Reality Check On Twitter

TwitterIt’s time to stand up and call "bullshit" on people who say Twitter is replacing blogs.

Don’t get me wrong – I love Twitter. I use it more than any other social media tool, I have a lot of connections on there and I get a lot out of it. But it’s not replacing blogs (not yet, anyway).

Time to break out of the bubble, people. Let’s look at this with a bit more perspective.

Sure, many of us in the social media circle use Twitter to fire off quick messages that may remove our perceived need to blog about those topics. We’re in a tiny minority though. The vast majority of people online haven’t even heard of Twitter.

What’s more (let’s be honest) we self-censor a lot less on Twitter than we do on our blogs. That’s not a negative – Twitter’s format lets us share links and thoughts much more easily than blogs do. Still, that means I post links and thoughts on Twitter that I wouldn’t write about here.

Blogs have a massive number of participants, both in terms of owners and readers. I’m talking tens of millions of sites. Despite that, most people don’t even trust blogs yet. To them, blogs are still an emerging technology. Meanwhile, Twitter currently has around 940,000 users in total and many of those accounts are dormant.

Jeremy Pepper wrote a great post about some of the other topics that caused ripples in the social media community this week. He sums it up well:

If we continue to live in our social media worlds, we might be leading in some technology way, but we are also in danger of missing what is happening in the rest of the world – the real world – that might have more of an affect on our products, our clients, our jobs than we want to admit.

We’re way ahead of the curve here, and we need to remember that. Just because we’ve found a shiny new tool that works for us, it doesn’t mean the average person in the street is doing the same thing.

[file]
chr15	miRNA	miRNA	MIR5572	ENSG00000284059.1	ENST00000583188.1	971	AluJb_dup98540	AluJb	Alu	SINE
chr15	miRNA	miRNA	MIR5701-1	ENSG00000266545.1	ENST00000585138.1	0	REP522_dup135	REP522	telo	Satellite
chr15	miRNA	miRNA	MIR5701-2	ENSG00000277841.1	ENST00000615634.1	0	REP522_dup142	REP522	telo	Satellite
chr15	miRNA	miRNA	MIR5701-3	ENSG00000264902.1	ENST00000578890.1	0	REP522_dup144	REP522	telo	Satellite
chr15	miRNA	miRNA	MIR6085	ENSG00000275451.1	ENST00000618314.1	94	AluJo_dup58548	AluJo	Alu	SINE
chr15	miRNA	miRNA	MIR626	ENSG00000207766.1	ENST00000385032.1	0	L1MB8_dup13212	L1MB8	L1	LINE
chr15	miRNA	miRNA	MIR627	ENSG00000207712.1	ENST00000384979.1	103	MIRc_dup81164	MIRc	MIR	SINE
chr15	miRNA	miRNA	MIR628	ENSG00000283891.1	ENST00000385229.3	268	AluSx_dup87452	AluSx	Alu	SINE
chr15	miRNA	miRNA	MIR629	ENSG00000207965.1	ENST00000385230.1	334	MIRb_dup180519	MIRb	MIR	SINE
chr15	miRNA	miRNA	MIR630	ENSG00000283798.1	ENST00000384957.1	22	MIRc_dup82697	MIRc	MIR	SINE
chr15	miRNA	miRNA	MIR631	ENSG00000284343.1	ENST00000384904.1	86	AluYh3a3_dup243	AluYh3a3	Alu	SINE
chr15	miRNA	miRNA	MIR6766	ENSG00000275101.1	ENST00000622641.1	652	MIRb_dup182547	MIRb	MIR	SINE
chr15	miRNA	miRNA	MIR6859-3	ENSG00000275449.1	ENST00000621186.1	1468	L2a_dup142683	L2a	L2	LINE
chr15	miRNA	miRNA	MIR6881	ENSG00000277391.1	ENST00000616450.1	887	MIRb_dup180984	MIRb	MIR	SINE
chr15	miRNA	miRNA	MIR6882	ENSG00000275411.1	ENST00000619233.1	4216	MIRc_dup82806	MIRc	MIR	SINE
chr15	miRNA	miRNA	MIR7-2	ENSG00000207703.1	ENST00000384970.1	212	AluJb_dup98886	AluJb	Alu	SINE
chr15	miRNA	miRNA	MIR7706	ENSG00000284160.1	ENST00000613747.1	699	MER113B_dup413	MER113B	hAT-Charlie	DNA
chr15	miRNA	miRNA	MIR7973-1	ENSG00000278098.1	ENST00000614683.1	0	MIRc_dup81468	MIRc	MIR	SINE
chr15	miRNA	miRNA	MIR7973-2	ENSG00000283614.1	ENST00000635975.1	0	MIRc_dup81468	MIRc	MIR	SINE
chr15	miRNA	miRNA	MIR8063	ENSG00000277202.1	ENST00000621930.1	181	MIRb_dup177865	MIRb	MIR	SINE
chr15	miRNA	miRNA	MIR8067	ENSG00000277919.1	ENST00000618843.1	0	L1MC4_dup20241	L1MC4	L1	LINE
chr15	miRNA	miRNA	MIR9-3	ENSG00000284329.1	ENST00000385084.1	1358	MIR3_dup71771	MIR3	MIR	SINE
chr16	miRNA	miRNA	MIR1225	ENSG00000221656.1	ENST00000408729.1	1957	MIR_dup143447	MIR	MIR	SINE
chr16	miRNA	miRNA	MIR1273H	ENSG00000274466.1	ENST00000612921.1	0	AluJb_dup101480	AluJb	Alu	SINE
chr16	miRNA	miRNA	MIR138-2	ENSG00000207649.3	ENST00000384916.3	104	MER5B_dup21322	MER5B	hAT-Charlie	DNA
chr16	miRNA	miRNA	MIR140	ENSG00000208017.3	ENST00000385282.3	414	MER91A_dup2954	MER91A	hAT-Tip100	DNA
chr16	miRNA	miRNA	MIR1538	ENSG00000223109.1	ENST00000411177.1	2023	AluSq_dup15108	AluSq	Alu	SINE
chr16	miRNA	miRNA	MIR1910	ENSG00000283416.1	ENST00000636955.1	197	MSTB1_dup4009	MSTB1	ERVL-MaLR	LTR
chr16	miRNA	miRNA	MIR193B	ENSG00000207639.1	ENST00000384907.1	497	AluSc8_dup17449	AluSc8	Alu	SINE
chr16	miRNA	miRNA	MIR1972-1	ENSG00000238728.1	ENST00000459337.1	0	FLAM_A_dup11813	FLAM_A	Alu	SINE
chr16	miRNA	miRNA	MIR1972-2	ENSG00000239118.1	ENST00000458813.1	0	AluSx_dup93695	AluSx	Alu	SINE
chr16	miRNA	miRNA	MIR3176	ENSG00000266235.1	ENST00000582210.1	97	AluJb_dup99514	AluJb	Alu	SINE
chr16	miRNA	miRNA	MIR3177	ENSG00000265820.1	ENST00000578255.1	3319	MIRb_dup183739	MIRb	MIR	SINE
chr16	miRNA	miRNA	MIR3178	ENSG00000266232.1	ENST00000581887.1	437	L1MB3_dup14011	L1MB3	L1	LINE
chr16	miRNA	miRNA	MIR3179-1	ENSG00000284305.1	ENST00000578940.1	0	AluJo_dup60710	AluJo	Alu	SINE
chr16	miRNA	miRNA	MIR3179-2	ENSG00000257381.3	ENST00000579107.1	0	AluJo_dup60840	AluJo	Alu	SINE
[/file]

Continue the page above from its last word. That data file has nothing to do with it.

• Ike

    Aye!

    Here’s my litmus test: Twitter is only for the hard-core, the “do-it-yourself” people of social media.

    If I absolutely had to, I could talk my mother through the procedure of configuring an email account. I could also talk her through subscribing to an RSS feed. She could instantly get value from those actions.

    Twitter? It’s a total roll-your-own environment. It’s all dependent on who you track and the subjects and diversity of topics you can tolerate. I can’t tell her how to get value from Twitter. It’s for the individual to discover.

    Twitter is less about the technology, and more about the community. And that’s why there’s such a relatively small pool ready to run with it and evangelize.

  • Amen, brother! Sing it from the roof tops. I’m continually mulling over the difference between what we inside the technology bubble believe to be true, effective, etc., and what the real world knows to be. On example is a recent social media/traditional online advertising effort I was a part of. The social media element drew some great attention, but the click-thru rate on the banner ads brought just as much, in fact a little more. (Weird circumstance, compelling banner ads, but still.) If only we could detach ourselves and see the world through the eyes of the consumer more, we’d all be better.

  • Totally true Dave, although I do think Twitter changes the way many people blog. Many short, sharp, pithy potential blogs of a sentence or two have probably migrated into Twitterland. Nothing wrong with this: new media channels that are worthwhile always change other related ones but they almost never kill them.

    While I have no doubt Twitter and microblogging will grow, blogs will be with us for the foreseeable future.

  • Great post Dave. I am a baby boomer that feels like a fish out of water sometimes when I speak to techies about their needs on line. But what I do know puts me head and shoulders above 95% of the people I see everyday. They have no NEED to blog so extensions of that like Twitter have no place in their world.

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